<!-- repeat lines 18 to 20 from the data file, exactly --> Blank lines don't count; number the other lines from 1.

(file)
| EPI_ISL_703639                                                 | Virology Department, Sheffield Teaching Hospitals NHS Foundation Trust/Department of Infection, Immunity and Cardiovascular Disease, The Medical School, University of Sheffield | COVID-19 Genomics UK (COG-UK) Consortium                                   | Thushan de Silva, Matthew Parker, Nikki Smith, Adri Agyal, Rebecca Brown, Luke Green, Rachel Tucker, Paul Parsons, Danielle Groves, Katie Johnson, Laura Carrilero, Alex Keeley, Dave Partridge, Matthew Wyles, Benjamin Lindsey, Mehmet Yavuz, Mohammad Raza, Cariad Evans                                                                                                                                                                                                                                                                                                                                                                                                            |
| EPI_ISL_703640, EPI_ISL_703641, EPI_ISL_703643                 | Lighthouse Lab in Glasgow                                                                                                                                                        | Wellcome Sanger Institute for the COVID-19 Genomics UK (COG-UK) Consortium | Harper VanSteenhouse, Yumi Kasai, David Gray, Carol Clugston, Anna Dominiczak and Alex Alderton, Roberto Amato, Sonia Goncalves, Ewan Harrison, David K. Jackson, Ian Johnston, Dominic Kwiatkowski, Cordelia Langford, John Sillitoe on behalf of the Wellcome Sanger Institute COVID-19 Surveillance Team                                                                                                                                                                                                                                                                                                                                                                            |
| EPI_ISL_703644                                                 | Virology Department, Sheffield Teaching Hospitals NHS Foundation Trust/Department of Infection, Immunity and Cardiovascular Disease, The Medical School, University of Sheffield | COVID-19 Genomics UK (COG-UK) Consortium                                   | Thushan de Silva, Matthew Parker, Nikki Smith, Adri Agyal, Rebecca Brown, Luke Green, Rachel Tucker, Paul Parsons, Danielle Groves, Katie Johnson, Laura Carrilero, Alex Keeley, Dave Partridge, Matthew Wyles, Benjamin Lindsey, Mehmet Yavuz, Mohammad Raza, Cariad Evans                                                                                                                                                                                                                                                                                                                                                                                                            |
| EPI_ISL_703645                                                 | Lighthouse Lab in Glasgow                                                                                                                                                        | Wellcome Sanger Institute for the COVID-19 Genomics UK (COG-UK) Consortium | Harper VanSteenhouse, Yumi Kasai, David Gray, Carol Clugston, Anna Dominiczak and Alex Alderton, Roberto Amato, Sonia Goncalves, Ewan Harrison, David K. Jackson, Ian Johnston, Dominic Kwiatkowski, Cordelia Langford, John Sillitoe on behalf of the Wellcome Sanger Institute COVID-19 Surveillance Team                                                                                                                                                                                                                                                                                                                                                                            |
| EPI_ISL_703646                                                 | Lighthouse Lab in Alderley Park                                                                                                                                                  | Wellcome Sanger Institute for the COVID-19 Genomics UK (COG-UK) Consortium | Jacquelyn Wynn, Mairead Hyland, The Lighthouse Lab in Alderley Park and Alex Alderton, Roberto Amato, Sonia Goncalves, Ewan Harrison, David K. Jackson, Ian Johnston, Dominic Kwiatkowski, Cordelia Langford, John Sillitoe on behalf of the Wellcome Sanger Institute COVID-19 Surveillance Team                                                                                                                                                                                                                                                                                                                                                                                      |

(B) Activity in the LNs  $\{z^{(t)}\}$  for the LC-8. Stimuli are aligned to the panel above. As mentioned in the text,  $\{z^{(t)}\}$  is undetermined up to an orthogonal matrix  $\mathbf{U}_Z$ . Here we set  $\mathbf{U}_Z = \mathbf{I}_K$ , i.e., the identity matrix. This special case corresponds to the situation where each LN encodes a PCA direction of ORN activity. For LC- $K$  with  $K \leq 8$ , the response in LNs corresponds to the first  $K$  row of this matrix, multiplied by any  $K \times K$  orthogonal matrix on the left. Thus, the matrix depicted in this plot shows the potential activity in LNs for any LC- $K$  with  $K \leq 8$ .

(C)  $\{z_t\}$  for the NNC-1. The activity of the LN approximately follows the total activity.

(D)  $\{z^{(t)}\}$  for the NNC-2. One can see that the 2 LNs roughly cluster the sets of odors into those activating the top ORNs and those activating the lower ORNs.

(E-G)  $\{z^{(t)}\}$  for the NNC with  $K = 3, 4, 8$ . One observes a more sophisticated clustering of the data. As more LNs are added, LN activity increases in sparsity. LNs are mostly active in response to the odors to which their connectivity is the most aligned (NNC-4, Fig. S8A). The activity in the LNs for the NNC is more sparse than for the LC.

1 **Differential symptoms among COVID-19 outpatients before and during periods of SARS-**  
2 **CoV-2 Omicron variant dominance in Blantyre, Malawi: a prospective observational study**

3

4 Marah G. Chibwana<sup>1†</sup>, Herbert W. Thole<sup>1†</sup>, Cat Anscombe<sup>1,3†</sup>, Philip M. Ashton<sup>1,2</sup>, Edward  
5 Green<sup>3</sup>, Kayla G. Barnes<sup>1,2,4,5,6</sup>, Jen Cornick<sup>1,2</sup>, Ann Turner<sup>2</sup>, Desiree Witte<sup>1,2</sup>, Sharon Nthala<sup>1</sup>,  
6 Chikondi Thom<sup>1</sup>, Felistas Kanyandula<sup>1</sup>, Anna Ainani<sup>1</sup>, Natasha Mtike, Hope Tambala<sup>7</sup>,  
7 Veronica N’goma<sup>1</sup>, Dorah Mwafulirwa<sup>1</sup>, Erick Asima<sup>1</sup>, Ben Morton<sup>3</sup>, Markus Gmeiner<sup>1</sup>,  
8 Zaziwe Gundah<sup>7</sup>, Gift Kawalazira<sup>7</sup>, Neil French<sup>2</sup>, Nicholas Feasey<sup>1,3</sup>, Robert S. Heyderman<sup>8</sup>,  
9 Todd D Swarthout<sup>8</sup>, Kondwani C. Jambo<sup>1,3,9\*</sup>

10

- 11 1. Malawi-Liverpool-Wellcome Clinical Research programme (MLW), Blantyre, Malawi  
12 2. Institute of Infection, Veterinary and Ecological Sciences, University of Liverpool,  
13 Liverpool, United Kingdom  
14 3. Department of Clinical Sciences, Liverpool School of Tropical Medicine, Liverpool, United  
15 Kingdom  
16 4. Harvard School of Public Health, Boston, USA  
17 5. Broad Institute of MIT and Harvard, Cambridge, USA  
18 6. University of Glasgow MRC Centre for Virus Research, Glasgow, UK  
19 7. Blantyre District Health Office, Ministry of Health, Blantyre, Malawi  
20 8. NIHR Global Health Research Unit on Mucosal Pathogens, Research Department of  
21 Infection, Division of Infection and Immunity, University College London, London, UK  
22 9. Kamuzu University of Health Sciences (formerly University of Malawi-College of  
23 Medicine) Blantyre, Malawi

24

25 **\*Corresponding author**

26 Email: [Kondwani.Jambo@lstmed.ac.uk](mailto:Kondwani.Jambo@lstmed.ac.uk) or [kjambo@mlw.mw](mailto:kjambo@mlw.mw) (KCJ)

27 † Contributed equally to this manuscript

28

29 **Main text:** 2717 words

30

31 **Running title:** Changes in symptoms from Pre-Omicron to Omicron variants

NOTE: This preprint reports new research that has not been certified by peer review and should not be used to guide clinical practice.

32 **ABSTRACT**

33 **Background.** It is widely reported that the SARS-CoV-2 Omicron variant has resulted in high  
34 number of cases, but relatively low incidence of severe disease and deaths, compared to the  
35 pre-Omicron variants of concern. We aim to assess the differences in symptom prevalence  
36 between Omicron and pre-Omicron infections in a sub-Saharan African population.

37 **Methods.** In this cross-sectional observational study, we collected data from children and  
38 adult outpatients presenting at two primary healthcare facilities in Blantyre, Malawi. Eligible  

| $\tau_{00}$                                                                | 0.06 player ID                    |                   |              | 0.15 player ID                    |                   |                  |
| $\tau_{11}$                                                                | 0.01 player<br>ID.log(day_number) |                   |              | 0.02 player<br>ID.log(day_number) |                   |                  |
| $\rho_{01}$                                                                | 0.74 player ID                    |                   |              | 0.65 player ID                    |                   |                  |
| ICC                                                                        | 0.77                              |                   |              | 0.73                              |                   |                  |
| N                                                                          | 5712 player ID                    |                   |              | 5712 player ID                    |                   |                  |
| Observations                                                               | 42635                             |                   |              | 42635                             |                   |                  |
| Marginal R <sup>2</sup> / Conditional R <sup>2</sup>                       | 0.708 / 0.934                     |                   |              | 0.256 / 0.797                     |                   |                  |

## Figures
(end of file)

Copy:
9 Todd D Swarthout<sup>8</sup>, Kondwani C. Jambo<sup>1,3,9\*</sup>

10

- 11 1. Malawi-Liverpool-Wellcome Clinical Research programme (MLW), Blantyre, Malawi  